Have you ever thought about how people could build a supercomputer and how many would be involved in this project? Finland, Belgium, the Czech Republic, Denmark, Estonia, Iceland, Norway, Poland, Sweden, and Switzerland are the countries that took part in this super project, and they chose Finland to host it. Finland has the best climate for this supercomputer as it will allow it to cool down quickly and reuse the waste heat to heat the area where it is located. LUMI (Large Unified Modern Infrastructure) won’t impact the environment as they plan to use power from their hydropower plants. Everything is focused on having no impact on the environment.
What is the Use?
Hewlett Packard (HP) has announced a $160 million contract to create it. LUMI will be one of the leading technological tools available in Europe. It will allow research to be accelerated for various scientific endeavors, mainly thanks to its speed in performing artificial intelligence and machine learning calculations. These enable us to tackle some of the many challenges humanity faces, such as climate change, the fight against COVID-19, and medical research in general. It will also be used for the study of autonomous driving algorithms, as well as for research in the social sciences. The supercomputer will be the size of a tennis court and weigh 150,000 kg, with computing power equivalent to 1.5 million laptops. Luckily, you don’t need a supercomputer to play NetBet casino. You can even play from your mobile all the popular games like Book of the Dead and Starburst.
LUMI is characterized as a “pre-exascale” system that will have a maximum theoretical computing power of over 550 petaflops, which is equivalent to more than half an exaflop, a measurement used in exascale computing. Also, through its partnership with EuroHPC JU, HP is expanding supercomputer resources to accelerate the European roadmap to achieving “exascale computing,” which is the next major leap in supercomputing, expected to deliver faster performance times from current systems.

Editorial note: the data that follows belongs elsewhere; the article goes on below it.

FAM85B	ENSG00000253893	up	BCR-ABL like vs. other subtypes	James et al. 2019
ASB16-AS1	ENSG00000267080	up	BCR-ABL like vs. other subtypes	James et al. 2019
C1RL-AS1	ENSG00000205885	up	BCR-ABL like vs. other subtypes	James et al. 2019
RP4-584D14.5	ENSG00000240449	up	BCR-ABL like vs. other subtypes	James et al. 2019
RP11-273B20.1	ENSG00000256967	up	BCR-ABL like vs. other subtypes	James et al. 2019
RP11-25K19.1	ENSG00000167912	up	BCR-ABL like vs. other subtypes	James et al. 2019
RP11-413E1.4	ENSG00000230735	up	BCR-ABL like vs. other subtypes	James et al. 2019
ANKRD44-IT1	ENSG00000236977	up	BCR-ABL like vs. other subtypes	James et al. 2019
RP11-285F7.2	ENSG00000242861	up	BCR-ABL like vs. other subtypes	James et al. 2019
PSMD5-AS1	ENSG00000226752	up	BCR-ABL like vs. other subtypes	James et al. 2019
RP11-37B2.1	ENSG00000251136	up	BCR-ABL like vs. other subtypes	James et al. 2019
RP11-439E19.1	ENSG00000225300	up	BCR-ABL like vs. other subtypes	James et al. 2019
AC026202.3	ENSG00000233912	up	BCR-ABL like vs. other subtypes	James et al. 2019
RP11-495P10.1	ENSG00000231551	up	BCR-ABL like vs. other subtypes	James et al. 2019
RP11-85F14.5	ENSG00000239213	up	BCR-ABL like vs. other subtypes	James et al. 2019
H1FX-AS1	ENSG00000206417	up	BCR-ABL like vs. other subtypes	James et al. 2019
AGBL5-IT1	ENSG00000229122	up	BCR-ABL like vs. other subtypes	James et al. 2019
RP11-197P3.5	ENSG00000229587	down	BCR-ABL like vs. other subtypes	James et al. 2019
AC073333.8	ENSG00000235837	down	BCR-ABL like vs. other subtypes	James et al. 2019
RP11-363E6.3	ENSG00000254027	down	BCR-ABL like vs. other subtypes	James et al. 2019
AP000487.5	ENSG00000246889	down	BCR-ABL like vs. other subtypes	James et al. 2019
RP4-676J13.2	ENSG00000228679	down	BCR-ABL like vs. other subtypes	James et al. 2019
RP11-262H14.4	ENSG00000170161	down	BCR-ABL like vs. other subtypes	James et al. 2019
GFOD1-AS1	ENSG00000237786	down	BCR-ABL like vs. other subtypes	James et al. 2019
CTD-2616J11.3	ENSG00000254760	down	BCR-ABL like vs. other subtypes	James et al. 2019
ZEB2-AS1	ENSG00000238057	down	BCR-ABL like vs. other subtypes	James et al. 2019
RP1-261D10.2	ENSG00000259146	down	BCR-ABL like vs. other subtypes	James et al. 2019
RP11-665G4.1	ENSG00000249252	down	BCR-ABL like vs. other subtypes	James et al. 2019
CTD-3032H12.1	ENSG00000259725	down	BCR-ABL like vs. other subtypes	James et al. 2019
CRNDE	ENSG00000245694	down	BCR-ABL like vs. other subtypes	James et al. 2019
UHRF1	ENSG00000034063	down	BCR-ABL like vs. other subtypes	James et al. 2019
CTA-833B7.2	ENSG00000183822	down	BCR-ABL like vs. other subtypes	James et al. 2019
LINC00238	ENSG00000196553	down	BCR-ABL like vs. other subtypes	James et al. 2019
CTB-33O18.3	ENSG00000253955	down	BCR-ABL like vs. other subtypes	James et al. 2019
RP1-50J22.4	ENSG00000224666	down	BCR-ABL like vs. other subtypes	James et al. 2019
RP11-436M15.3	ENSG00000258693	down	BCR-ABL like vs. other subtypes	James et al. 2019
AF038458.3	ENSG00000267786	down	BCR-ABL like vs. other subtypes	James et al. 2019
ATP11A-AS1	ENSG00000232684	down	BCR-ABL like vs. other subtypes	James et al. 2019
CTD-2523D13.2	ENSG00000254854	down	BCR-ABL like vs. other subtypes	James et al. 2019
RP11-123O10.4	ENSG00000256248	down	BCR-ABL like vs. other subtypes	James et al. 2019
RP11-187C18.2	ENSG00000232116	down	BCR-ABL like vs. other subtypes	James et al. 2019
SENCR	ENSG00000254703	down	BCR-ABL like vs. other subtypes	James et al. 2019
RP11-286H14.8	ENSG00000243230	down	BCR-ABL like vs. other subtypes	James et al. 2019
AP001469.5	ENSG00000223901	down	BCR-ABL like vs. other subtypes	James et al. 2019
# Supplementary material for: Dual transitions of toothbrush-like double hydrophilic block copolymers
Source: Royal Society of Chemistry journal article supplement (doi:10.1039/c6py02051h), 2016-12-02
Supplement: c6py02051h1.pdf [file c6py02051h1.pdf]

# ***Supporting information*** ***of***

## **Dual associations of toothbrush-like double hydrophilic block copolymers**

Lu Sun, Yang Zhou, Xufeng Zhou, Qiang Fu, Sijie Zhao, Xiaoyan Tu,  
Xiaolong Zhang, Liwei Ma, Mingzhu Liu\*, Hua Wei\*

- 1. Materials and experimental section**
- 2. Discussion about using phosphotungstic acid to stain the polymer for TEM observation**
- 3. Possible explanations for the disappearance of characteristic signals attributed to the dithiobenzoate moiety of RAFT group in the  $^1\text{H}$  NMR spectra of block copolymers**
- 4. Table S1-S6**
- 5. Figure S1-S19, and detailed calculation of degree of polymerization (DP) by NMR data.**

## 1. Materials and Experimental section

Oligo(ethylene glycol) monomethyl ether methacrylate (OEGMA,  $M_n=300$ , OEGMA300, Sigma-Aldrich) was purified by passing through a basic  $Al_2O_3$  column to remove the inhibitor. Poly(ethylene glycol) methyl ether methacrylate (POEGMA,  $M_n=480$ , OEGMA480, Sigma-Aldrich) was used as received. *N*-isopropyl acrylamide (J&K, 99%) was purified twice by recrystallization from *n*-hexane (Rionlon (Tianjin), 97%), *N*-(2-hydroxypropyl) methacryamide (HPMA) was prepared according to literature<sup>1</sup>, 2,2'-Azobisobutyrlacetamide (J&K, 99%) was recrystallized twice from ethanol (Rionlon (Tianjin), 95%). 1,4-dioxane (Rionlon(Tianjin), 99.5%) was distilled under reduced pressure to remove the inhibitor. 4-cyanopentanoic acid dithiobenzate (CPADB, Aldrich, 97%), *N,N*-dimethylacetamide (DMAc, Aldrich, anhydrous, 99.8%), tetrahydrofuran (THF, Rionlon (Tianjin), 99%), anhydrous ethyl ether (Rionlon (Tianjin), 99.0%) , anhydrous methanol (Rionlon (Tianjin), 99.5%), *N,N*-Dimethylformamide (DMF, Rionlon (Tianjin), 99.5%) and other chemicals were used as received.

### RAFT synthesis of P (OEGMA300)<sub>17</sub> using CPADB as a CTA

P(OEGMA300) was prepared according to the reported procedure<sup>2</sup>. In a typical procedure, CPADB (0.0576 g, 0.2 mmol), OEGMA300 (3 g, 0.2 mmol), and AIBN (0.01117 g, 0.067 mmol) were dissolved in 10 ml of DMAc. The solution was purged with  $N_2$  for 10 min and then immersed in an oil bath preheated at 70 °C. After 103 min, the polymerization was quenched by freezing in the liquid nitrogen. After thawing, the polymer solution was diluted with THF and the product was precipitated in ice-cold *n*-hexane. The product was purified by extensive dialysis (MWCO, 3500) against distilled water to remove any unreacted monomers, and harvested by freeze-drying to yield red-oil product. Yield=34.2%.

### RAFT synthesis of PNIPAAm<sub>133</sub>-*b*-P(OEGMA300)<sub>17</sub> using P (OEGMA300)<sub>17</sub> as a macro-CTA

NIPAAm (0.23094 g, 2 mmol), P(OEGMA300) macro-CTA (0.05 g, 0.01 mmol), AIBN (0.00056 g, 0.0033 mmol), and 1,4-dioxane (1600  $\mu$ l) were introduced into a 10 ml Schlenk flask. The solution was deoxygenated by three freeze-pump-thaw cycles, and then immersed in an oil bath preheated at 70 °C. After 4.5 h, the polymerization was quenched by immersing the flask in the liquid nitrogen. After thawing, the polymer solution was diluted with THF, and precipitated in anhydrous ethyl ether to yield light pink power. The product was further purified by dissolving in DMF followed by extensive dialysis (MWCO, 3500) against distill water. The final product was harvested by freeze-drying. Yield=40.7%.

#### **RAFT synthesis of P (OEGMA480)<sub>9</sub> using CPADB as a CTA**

Technically, LUMI is based on the HP Cray EX architecture. It can be based on approximately 200,000 AMD EPYC cores, 32 TB of memory, and an AMD Instinct GPU. The storage is assigned to a 7 Petabyte flash memory drive combined with a traditional 80 petabyte Luster file system and an additional 30 PB Ceph storage, for a total of 117 petabytes of space. The data transfer rate reaches an impressive two terabytes per second.
“Once launched in mid-2021, the LUMI supercomputer will be one of the most competitive and green supercomputers in the world!” Anders Dam Jensen said, Executive Director of EuroHPC JU. Such a state-of-the-art system will support European researchers, industry and the public sector, for better understanding and responding to complex challenges and turning them into innovation opportunities in areas such as health, weather forecasting or urban and rural design.
“AMD is proud to cooperate with the HPE to power the upcoming supercomputer LUMI to promote scientific research in Artificial Intelligence, weather forecasts, pharmaceutical innovations, and more,” Forrest Norrod said, Senior Vice President and General Manager, ata center and embedded systems group, AMD. “The processors AMD EPYC next generation and GPU AMD Instinct coupled with its unique supercomputing technologies. HPE will provide new capabilities in high-performance computing and we are excited to strengthen the European research community through our support from the joint team developed by LUMI.”
Its design started in November 2019, and it is expected that the data center that will host it will be ready by the end of 2020, making it operational from the first months of 2021. All we have to do is wait and see this how this wonder of technology will help humanity in practical ways and not only in theory.